Queen of Barrakesch
Is it possible for a couple to get married and then fall in love with each other? Delaney Diamond sets out to answer this question in her contemporary romance Queen of Barrakesch, book three in her Royal Brides series. Set in the fictional Middle Eastern country of Barrakesch, the novel transports the reader to a land of ornate architecture, delectable banquets, vibrant fashions, and sacred traditions. I was immediately captivated by Diamond’s vivid descriptions of this family-centric Arab-Islamic culture. But, I didn’t fall head-over-heels for the romance protagonists or their love story.
After learning that his father, King Khalid, is terminally ill, Crown Prince Wasim al-Hassan of Barrakesch has only weeks to secure the throne by finding a wife. His friend, Imani Karunzika, a member of African royalty and the Zamibian ambassador to Barrakesch, proposes a fake engagement between them. Such a betrothal would satisfy both the king and Imani’s parents, who incessantly pressure her to find a husband.
When the plan unexpectedly changes, the couple’s fake engagement leads to an actual wedding. Now, Imani fears being stuck in a loveless marriage. Even though the couple is deeply attracted to each other (and once shared a steamy kiss), Imani fervently believes that love must come before marriage. On the other hand, Wasim subscribes to the merits of arranged marriages and trusts that “love can come later.” As Imani settles into her new duties as Queen of Barrakesch, her greatest struggle is admitting her true feelings for Wasim.
Diamond Delaney is a fine writer who has a gift for creating an interesting and engaging narrative world, but her plot choices and character development are less impressive. The first half of the novel establishes Wasim and Imani’s friendship. They are both good-humored, ambitious, and civic-minded individuals whose simmering attraction is kept in check since their ideas of love and marriage are diametrically opposed. I enjoyed the couple’s playful flirtation, Wasim’s easy-going demeanor, and Imani’s headstrong attitude. Unfortunately, the second half of the novel contains an absurd plot twist and protagonists that are inconsistent with the earlier setup. Sadly, Wasim takes an unexpected detour into alpha male territory (i.e. powerful, possessive, and aloof) that is extremely disappointing. And Imani becomes quickly compliant once she gets a taste of Wasim’s prowess in the bedroom (which isn’t very detailed, but she is supposedly enthralled). In fact, the couple’s short journey to finding love feels a little hollow and appears to be heavily based on physical attraction and sexual compatibility.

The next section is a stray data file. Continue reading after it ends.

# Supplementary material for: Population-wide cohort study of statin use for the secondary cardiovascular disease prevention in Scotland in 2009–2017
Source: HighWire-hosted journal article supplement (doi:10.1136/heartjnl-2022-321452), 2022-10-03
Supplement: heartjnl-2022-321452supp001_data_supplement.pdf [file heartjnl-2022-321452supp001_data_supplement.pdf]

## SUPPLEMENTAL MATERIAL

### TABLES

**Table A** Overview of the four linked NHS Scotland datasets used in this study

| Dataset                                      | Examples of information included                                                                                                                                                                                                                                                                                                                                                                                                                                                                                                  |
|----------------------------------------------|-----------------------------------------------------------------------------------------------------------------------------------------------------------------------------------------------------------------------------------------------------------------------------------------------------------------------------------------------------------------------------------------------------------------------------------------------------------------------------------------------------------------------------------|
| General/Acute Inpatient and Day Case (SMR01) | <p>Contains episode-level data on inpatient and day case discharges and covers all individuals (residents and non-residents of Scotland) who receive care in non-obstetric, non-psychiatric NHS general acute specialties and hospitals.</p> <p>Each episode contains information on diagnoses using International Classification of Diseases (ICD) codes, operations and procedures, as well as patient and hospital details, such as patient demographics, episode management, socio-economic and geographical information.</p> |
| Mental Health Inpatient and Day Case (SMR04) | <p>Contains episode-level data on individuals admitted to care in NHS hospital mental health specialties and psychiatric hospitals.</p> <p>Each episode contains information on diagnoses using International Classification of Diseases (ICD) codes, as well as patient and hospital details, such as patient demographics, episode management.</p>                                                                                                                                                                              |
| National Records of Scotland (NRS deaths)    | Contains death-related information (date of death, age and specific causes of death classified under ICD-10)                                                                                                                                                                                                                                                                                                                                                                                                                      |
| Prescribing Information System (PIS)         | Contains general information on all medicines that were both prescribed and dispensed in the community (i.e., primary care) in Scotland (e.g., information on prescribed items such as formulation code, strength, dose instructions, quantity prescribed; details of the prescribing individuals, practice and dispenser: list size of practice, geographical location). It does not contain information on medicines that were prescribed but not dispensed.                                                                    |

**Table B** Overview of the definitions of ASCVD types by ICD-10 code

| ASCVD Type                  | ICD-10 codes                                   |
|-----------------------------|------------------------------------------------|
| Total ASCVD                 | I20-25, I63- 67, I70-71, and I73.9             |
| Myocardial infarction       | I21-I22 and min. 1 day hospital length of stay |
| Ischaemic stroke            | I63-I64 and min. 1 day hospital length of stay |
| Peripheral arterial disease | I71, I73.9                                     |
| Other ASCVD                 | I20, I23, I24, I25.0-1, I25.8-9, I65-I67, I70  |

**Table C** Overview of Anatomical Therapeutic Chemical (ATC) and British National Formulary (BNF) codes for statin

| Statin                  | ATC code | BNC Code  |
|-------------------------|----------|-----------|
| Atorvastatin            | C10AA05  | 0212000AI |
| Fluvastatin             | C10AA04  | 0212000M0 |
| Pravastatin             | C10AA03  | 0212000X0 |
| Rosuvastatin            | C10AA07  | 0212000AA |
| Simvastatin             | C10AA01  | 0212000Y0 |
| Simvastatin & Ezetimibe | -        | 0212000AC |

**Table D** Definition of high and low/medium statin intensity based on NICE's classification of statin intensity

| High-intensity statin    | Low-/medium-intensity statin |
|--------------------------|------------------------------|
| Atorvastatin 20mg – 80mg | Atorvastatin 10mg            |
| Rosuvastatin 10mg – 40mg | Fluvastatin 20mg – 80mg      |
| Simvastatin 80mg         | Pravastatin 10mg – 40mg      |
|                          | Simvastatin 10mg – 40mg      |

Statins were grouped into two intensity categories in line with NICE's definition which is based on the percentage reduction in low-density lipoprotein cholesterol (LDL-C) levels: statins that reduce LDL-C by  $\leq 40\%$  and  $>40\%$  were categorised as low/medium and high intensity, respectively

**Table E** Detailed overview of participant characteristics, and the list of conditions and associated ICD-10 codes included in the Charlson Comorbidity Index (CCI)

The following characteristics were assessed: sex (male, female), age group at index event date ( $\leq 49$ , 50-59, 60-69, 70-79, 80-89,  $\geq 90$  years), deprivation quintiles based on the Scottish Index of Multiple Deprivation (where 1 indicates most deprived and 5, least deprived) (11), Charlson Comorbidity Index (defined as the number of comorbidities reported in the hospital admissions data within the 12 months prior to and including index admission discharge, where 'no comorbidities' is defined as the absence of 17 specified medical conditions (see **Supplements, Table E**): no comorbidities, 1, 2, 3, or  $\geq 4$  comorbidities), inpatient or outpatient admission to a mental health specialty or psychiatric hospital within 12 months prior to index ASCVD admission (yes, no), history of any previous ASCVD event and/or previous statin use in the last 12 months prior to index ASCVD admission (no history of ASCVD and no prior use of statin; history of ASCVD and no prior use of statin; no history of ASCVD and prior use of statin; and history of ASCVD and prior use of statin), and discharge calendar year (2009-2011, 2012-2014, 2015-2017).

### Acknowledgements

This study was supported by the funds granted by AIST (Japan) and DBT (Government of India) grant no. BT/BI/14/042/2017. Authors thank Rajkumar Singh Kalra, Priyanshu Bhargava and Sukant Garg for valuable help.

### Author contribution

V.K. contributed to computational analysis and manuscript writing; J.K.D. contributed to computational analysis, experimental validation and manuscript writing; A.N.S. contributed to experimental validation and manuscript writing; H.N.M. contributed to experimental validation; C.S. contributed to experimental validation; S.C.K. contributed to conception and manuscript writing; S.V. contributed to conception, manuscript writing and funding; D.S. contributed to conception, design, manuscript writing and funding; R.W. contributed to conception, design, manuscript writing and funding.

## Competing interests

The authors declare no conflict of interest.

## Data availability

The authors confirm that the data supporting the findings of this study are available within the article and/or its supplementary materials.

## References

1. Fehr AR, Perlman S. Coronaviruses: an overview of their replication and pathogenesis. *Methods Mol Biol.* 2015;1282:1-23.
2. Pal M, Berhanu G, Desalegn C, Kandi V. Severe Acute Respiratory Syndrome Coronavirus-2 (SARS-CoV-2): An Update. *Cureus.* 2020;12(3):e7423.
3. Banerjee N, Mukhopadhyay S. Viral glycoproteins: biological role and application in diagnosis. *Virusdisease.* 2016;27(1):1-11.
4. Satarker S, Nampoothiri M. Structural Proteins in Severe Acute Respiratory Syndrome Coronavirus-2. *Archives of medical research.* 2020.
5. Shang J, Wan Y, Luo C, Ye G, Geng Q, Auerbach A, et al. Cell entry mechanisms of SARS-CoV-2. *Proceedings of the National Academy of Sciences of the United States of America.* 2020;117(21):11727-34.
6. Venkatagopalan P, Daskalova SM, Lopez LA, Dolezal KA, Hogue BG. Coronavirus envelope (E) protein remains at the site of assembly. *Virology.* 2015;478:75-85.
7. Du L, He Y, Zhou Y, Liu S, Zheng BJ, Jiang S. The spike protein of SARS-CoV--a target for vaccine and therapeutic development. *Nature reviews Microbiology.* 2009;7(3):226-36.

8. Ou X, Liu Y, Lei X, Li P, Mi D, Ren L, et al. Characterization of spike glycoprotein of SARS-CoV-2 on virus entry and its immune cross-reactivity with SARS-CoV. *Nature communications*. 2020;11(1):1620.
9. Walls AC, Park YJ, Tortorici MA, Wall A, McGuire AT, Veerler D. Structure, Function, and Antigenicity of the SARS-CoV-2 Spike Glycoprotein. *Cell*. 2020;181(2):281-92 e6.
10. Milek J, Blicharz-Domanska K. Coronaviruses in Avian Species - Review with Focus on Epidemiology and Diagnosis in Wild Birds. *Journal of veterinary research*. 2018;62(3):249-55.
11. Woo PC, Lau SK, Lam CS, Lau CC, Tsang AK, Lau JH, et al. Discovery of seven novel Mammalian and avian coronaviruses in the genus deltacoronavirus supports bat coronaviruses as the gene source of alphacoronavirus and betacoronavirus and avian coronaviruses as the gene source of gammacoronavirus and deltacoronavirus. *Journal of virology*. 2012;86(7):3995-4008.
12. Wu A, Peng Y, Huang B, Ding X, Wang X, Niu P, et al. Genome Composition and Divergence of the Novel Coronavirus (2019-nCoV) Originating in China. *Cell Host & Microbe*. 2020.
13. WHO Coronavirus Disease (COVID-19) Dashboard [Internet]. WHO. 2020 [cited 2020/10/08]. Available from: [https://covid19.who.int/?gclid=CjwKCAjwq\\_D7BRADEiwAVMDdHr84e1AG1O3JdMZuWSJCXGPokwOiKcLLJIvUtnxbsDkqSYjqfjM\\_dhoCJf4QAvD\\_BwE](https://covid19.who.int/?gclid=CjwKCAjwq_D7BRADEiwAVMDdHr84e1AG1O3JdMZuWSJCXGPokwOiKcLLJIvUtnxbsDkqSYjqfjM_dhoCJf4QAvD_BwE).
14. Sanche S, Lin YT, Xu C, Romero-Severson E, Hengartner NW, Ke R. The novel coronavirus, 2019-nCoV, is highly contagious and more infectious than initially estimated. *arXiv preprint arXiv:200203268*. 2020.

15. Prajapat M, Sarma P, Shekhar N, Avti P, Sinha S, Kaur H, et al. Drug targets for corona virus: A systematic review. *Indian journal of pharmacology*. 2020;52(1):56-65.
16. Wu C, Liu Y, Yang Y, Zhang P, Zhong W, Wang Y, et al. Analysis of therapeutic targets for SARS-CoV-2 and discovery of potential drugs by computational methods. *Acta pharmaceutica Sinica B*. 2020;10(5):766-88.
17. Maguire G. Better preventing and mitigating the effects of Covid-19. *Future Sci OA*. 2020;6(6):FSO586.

I feel as if more internal conflict could have been explored. Instead of using melodrama to raise the stakes of the story, Diamond could have deepened the reader’s engagement by utilizing Imani and Wasim’s religious differences to create conflict. (Imani is Christian; Wasim is Muslim.) However, their faith has surprisingly little bearing on their relationship. And there seems to be very little concern about a Christian queen ruling over an Islamic country. Barrakesch is not established as an extraordinarily progressive Middle Eastern nation and the tolerance to this situation, while refreshing, is curiously unexplained.
Delaney Diamond’s Queen of Barrakesch definitely satisfied my wanderlust to ‘visit’ an exotic locale, albeit a made-up one. While the novel delivers entertaining escapist fiction, it didn’t appeal to my particular romantic sensibilities. But, if you’re a reader whose heart skips a beat over alpha male rulers and resistant heroines who easily submit, then you may gladly overlook the novel’s flaws.